By Bruce Bennett, Carlo Kostka, Craig Pollack, Dan Cooper, Gemma Nash, Kristof Van Quathem, Mark Young, and Sophie Bertin

The EU Payment Services Directive (PSD2), which took effect on January 13, 2018, puts an obligation on banks to give Third Party Providers (TPPs) access to a customer’s payment account data, provided the customer expressly consents to such disclosure.  The new legislation is intended to improve competition and innovation in the EU market for payment services.  The General Data Protection Regulation (GDPR), which is due to take effect from May 25, 2018, enhances individuals’ rights when it comes to protecting their personal data.  The interaction between PSD2, aimed at increasing the seamless sharing of data, and the GDPR, aimed at regulating such sharing, raises complicated compliance concerns.

For example, where banks refrain from providing TPPs access to customer payment data for fear of breaching the privacy rights of their customers under the GDPR, competition authorities may consider this a breach of competition law.  This concern is already becoming a reality for banks – on October 3, 2017, the European Commission carried out dawn raids on banking associations in Poland and the Netherlands following complaints from fintech rivals that the associations were not providing them with what they considered legitimate access to customer payment data.
Continue Reading Overlap Between the GDPR and PSD2

As announced last week, the European Data Protection Supervisor (“EDPS”) released on September 23, 2016 an opinion on “coherent enforcement of fundamental rights in the age of big data.”  This opinion follows an earlier Preliminary Opinion on privacy and competitiveness in the age of big data, published in 2004 (see our previous blog post here).

According to the EDPS, data-driven technologies and services are important for economic growth, but the users of those services are generally unaware of the nature and extent of the “covert tracking”  that fuels the sector.  The growing imbalance between consumers and service providers would diminish choice and innovation and threaten the privacy of individuals.  In fact, the rights of individuals enshrined in the EU Charter of Fundamental Rights would be threatened by “normative behavior and standards that now prevail in cyberspace.”    At the same time, EU rules on data protection, consumer protection, and antitrust and merger control are applied in silos, despite their common objectives.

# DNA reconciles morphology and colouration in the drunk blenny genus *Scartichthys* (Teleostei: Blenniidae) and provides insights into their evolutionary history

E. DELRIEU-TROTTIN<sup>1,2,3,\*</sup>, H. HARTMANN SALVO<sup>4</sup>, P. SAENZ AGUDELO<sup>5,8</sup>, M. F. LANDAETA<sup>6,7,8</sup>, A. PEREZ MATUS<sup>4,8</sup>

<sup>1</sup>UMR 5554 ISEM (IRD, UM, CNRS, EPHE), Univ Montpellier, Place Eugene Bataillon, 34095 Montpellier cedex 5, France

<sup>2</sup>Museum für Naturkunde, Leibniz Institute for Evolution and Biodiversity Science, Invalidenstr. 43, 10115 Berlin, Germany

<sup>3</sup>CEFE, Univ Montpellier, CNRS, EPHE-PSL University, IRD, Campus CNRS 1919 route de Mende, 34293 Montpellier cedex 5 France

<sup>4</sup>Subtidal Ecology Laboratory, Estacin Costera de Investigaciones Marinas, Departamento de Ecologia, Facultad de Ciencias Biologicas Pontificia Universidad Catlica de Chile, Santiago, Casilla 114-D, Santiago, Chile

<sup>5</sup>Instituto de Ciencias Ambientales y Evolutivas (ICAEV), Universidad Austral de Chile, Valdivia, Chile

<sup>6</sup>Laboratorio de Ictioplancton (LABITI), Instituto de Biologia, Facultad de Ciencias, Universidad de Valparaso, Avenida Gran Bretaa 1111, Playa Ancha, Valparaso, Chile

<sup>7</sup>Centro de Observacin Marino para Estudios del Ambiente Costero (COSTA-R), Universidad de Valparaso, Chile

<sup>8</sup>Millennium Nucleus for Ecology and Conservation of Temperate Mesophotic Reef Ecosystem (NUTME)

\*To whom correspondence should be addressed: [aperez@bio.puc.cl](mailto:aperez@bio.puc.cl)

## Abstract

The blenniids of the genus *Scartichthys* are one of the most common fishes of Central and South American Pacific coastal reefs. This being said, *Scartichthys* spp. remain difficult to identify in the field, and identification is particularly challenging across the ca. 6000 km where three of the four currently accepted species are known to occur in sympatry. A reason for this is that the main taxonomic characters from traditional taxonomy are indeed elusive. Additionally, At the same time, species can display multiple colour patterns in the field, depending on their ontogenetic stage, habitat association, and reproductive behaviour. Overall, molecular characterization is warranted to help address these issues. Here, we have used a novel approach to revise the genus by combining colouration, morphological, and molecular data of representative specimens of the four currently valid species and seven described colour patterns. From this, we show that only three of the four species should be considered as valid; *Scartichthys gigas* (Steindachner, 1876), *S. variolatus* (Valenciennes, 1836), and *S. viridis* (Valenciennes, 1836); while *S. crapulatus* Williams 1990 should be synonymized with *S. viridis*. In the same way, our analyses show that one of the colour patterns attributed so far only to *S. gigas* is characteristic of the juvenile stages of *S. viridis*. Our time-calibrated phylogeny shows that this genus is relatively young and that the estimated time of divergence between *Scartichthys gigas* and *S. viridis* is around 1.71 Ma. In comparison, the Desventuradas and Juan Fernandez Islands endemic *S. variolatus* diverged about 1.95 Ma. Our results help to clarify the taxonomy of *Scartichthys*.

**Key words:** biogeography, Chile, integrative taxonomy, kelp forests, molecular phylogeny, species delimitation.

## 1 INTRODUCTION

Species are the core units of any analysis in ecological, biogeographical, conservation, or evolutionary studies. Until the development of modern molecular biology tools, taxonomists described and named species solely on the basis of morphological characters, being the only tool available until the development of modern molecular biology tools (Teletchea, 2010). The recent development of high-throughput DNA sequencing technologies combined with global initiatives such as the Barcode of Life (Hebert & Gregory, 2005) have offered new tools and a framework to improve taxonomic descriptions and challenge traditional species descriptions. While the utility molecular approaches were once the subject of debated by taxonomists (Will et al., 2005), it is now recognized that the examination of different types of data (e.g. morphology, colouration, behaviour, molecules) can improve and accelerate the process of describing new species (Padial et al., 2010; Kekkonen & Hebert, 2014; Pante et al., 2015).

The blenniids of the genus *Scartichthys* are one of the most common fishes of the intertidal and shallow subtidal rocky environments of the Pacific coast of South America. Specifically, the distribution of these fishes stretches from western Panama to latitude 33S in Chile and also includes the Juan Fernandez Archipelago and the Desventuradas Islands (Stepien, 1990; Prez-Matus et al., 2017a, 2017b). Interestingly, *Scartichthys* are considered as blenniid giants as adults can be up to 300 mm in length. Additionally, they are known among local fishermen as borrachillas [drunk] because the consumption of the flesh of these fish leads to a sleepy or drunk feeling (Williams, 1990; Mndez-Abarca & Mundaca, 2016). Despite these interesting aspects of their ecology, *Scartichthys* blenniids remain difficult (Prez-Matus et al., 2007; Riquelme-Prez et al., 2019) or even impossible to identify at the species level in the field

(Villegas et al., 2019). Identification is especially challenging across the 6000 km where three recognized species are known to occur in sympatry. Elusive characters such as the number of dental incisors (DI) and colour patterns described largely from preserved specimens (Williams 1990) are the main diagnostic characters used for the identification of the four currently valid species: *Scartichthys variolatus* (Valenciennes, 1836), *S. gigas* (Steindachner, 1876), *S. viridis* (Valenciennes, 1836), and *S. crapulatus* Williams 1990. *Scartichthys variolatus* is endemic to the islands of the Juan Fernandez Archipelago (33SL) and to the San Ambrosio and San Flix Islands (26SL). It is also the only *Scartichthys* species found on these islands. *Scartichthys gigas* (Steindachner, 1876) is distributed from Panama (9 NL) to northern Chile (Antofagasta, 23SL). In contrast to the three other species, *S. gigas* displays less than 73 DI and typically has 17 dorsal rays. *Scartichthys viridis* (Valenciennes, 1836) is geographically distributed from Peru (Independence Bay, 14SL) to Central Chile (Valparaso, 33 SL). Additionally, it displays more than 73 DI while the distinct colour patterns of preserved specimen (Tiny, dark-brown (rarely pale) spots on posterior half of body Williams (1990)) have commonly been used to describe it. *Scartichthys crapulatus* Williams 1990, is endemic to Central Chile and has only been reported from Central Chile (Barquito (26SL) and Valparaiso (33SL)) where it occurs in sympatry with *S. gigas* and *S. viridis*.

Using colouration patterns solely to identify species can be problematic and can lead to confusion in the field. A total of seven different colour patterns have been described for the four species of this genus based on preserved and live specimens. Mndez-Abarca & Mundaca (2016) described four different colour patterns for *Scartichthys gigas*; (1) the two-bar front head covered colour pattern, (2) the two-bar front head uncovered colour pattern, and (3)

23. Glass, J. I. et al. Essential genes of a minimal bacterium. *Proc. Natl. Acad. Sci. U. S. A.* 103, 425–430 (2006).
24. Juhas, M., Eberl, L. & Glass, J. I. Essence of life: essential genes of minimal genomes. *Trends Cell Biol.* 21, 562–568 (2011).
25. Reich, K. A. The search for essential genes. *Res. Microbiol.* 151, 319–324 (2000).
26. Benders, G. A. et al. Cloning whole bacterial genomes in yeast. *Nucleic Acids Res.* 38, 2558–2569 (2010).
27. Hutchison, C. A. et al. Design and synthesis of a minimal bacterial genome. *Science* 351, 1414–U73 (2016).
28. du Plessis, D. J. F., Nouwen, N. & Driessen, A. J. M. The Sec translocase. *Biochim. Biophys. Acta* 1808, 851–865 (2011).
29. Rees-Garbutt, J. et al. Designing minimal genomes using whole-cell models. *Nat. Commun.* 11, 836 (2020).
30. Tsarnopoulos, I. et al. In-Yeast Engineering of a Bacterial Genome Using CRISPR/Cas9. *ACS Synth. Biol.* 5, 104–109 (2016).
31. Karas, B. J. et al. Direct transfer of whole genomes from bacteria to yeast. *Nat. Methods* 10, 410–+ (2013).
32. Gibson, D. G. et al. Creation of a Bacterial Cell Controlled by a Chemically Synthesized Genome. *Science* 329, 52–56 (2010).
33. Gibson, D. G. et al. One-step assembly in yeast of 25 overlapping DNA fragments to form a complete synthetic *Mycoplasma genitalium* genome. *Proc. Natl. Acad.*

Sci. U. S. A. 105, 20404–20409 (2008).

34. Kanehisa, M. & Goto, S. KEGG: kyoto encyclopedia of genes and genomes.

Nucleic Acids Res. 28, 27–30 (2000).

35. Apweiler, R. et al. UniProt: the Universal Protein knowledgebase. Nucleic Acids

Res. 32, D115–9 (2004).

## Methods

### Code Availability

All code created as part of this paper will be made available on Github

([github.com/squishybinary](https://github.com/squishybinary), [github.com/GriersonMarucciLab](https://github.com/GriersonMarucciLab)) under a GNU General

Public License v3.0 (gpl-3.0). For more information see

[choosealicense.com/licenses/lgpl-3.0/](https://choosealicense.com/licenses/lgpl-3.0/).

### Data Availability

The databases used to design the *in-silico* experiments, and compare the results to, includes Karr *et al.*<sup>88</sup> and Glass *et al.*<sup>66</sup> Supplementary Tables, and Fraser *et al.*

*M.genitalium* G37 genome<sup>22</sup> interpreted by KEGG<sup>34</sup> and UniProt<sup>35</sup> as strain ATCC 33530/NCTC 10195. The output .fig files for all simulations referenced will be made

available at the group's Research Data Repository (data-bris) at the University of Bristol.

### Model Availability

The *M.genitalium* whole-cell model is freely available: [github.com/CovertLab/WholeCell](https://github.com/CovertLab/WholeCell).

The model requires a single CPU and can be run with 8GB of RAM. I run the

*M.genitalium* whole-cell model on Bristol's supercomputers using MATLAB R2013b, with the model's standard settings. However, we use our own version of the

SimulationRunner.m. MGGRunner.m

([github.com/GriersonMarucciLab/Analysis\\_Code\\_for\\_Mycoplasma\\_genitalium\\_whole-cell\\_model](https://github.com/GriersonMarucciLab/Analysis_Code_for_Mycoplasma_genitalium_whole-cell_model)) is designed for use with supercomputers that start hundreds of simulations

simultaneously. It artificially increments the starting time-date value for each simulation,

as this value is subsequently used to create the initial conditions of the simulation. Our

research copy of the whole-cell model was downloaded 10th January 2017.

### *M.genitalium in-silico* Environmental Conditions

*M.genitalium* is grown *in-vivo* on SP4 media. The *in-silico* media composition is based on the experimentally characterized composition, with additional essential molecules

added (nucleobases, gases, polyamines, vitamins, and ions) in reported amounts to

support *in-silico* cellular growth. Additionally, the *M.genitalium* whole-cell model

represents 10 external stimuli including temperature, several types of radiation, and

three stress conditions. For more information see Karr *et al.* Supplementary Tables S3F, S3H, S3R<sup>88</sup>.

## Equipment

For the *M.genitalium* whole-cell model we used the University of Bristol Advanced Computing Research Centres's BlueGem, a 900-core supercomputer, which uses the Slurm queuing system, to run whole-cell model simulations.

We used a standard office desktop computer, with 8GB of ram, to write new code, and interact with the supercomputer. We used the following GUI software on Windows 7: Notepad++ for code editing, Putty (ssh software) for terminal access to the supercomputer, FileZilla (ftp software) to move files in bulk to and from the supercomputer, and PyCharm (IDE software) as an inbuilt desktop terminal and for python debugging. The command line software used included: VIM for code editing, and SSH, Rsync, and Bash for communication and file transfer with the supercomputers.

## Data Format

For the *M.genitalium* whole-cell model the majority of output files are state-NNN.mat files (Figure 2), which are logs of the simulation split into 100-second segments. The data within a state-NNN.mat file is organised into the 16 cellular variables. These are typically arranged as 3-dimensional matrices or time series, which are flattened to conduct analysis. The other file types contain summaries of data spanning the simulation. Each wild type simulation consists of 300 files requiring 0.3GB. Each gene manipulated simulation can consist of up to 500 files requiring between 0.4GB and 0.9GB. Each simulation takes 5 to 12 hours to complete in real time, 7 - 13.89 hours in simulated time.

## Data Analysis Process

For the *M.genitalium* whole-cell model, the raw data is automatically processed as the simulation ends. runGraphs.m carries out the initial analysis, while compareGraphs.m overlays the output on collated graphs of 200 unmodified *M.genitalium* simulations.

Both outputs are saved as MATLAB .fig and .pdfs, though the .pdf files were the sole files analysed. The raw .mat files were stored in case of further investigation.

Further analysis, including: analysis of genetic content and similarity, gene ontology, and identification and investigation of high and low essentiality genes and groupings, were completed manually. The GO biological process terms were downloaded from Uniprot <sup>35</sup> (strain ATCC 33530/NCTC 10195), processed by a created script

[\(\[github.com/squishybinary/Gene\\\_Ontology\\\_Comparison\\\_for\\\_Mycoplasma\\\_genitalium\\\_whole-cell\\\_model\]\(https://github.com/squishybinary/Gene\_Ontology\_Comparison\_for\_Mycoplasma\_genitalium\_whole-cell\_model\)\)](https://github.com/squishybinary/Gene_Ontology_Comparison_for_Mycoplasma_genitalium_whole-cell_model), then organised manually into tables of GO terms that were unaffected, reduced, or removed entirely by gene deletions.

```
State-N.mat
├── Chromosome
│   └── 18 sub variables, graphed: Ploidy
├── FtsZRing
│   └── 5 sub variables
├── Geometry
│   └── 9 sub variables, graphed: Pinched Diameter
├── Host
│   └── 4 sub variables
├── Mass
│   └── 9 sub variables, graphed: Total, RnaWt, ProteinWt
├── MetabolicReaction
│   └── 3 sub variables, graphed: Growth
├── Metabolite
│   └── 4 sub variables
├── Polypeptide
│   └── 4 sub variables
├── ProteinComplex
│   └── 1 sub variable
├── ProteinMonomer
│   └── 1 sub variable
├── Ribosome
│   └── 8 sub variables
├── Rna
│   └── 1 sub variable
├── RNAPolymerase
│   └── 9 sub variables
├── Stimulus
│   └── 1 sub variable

Continue Reading EDPS Issues Opinion on Big Data and Enforcement

“The evolution of big data has exposed gaps in EU competition, consumer protection and data protection policies”, said Peter Hustinx, the European Data Protection Supervisor (EDPS), when presenting the EDP’s preliminary opinion on the interplay between these three policy areas. The Opinion titled “Privacy and Competitiveness in the Age of Big Data”, issued on 26 March 2014, (the Opinion) aims at stimulating a debate between experts and practitioners. The EDPS’ preliminary opinions are not legally binding but intended to inform and facilitate discussion.

Continue Reading The New EDPS Opinion “Privacy and Competitiveness in the Age of Big Data”

South by Southwest (“SXSW”) Interactive kicked off last week, and Covington was there to cover privacy and big data’s big buzz, a topic which dominated much of the conference.  Among the events that took place last Friday were “Big Data Inverted: The Best Candy from Strangers?” and “Privacy Under the Covers: The Naked Truth.”  The big-data panel included Chris Colborn, R/GA Global Chief Experience Officer; Dinkar Jain, Google Product Manager; and Maria Bezaitis, Principal Engineer at Intel.  The privacy event was a “Core Conversation” that featured MeMe Jacobs Rasmussen, Adobe’s Chief Privacy Officer, VP, and Associate General Counsel; and Shaina Boone, SVP of Marketing Science at Critical Mass.

Big Data Inverted started with the premise that, as big data transforms relationships and information sharing, “people are beginning to unintentionally ‘barricade’ themselves from new experiences.”  While much of the discussion focused on how businesses can structure their models to leverage big data so that it is useful and relevant, better connected, and more available, privacy and consumer trust necessarily came up throughout the discussion.  In particular, many focused on the two sides of the big data coin:  potential and privacy.  Businesses stand to benefit if they can tame and harness big data, but not if they ignore privacy concerns inherent in amassing huge quantities of sensitive information.  Many are suggesting, however, that businesses can profit from privacy too  that is, because privacy has become so important to consumers, it can be used competitively.

Continue Reading Covington at #SXSW: If “Big Data Is the New Oil” Then “Privacy Is the New Green”

Speaking in Brussels yesterday on “Competition and Privacy in Markets of Data,” EU Competition Commissioner Joaquín Almunia observed that privacy is “becoming one of the central debates of our time.”  Technological and commercial developments have strengthened companies’ ability and incentive to “gather, manipulate and trade personal data.”  Because “personal data are a type of asset